Influence tactics are prevalent in the workplace and are linked to crucial outcomes such as career success and helping behaviours. The authors argue that sex role identity affects women’s choice of influence tactics in the workplace, but they only receive positive performance ratings when their behaviours are congruent with gender role expectation. Furthermore, the authors hypothesize that these relationships may be moderated by occupational continuance commitment. Results suggest that femininity is negatively related to the use of influence tactics overall, and this relationship is moderated by occupational continuance commitment.
In all, 657 women working in the construction industry were surveyed for their continuance occupational commitment and sex role identity and 465 supervisors whose responses are linked with the subordinates are surveyed for the women’s influence tactics and performance ratings.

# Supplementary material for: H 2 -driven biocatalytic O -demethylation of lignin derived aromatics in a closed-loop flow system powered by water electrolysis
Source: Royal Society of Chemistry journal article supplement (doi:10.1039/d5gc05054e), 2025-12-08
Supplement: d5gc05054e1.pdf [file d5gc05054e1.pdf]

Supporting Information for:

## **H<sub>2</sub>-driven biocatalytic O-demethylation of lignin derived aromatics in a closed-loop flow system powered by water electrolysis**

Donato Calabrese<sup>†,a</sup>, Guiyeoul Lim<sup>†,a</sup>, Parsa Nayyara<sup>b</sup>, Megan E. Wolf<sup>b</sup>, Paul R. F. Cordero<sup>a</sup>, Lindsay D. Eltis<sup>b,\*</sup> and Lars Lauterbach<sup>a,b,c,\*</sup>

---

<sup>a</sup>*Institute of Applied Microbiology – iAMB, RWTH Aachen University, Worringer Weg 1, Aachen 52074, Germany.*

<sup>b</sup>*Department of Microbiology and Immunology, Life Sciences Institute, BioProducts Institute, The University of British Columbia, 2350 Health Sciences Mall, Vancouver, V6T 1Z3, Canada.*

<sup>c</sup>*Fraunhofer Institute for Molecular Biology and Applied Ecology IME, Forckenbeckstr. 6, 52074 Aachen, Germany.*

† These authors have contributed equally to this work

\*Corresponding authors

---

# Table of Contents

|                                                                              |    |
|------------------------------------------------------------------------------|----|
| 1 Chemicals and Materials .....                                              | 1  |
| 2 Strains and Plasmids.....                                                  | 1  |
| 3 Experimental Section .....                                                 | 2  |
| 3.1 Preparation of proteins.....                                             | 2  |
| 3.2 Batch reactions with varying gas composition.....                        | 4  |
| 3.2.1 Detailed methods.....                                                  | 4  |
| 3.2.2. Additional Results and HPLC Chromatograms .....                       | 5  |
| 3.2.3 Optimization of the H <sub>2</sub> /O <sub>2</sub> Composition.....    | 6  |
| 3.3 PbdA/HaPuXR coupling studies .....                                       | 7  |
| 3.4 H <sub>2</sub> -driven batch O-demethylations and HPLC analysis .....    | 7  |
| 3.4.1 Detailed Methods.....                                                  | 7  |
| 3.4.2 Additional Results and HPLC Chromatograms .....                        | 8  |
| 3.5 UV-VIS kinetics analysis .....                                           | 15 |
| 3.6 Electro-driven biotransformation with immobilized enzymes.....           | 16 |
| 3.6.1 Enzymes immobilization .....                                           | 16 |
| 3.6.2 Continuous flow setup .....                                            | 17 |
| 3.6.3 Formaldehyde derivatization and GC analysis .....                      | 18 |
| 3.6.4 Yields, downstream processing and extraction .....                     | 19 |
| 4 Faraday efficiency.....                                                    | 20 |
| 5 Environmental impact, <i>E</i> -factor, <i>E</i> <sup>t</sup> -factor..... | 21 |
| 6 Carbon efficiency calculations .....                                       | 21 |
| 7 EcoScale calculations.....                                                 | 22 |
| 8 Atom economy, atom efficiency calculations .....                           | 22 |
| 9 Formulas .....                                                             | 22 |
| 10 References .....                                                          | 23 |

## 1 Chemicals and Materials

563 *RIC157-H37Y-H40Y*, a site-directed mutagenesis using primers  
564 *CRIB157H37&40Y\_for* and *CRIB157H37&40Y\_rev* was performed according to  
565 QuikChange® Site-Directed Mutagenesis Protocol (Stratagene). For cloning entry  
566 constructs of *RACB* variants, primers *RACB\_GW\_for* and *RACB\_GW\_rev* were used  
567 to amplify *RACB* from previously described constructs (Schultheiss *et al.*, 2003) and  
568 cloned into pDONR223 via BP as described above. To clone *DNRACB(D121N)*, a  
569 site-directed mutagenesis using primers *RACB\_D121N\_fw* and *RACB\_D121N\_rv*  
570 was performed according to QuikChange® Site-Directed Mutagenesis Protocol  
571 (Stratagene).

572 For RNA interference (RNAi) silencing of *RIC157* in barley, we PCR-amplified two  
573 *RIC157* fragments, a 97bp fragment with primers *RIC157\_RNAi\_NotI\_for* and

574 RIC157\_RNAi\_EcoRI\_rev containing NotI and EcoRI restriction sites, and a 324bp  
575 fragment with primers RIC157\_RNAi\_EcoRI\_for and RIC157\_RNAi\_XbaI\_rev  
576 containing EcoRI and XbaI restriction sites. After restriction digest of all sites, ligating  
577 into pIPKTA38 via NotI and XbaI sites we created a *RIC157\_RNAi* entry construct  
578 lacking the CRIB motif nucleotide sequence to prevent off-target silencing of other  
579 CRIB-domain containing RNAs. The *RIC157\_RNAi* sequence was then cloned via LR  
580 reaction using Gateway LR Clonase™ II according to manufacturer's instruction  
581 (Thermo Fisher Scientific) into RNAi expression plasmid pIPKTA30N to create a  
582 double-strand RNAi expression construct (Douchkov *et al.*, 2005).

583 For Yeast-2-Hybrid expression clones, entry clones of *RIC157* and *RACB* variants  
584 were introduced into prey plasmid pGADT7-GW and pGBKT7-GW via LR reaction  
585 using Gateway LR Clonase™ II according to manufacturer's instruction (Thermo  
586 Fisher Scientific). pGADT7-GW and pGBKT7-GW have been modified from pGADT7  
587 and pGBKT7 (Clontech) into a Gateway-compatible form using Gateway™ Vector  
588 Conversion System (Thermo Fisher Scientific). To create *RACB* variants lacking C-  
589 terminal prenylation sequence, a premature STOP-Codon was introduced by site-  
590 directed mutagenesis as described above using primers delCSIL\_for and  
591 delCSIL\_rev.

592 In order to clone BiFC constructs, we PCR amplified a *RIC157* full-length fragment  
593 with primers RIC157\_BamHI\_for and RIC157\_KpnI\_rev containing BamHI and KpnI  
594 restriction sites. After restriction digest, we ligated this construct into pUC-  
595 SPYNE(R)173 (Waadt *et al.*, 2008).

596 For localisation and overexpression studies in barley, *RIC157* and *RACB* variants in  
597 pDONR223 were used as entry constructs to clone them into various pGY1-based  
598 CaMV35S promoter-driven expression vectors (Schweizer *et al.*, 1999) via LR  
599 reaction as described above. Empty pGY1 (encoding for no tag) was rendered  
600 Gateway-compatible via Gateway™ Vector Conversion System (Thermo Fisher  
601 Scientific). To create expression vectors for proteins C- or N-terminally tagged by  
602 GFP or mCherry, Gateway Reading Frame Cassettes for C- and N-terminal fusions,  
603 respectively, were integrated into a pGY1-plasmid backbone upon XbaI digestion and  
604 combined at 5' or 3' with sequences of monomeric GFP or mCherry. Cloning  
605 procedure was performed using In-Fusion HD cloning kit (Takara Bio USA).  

Results suggested that femininity was negatively related to the use of influence tactics overall, and this relationship was moderated by occupational continuance commitment. Results also showed that women’s use of influence tactics was only positively received in terms of performance ratings when the influence tactic was congruent with gender role expectations.
The results of this current study suggest that not all women are equally likely to use influence tactics and not all tactics result in positive perceptions of performance. Feminine women in general refrain from using influence tactics unless they are driven to stay in a given occupation, but they only receive positive results when their behaviours are congruent with society’s gender role expectations.
Past research has mostly focused on broad differences between males and females, and this study has shown that there are more nuanced differences that can more accurately describe the effects of gender disposition (i.e. sex role identity) on influence tactics. It also emphasizes the importance of occupational commitment as a boundary condition, which influences women to step out of their gender roles even though they may be penalized with lower performance ratings.
Cheung, H.K., Lindsey, A., King, E. and Hebl, M.R. (2016), "Beyond sex: Exploring the effects of femininity and masculinity on women’s use of influence tactics", Gender in Management, Vol. 31 No. 1, pp. 43-60. https://doi.org/10.1108/GM-12-2014-0107
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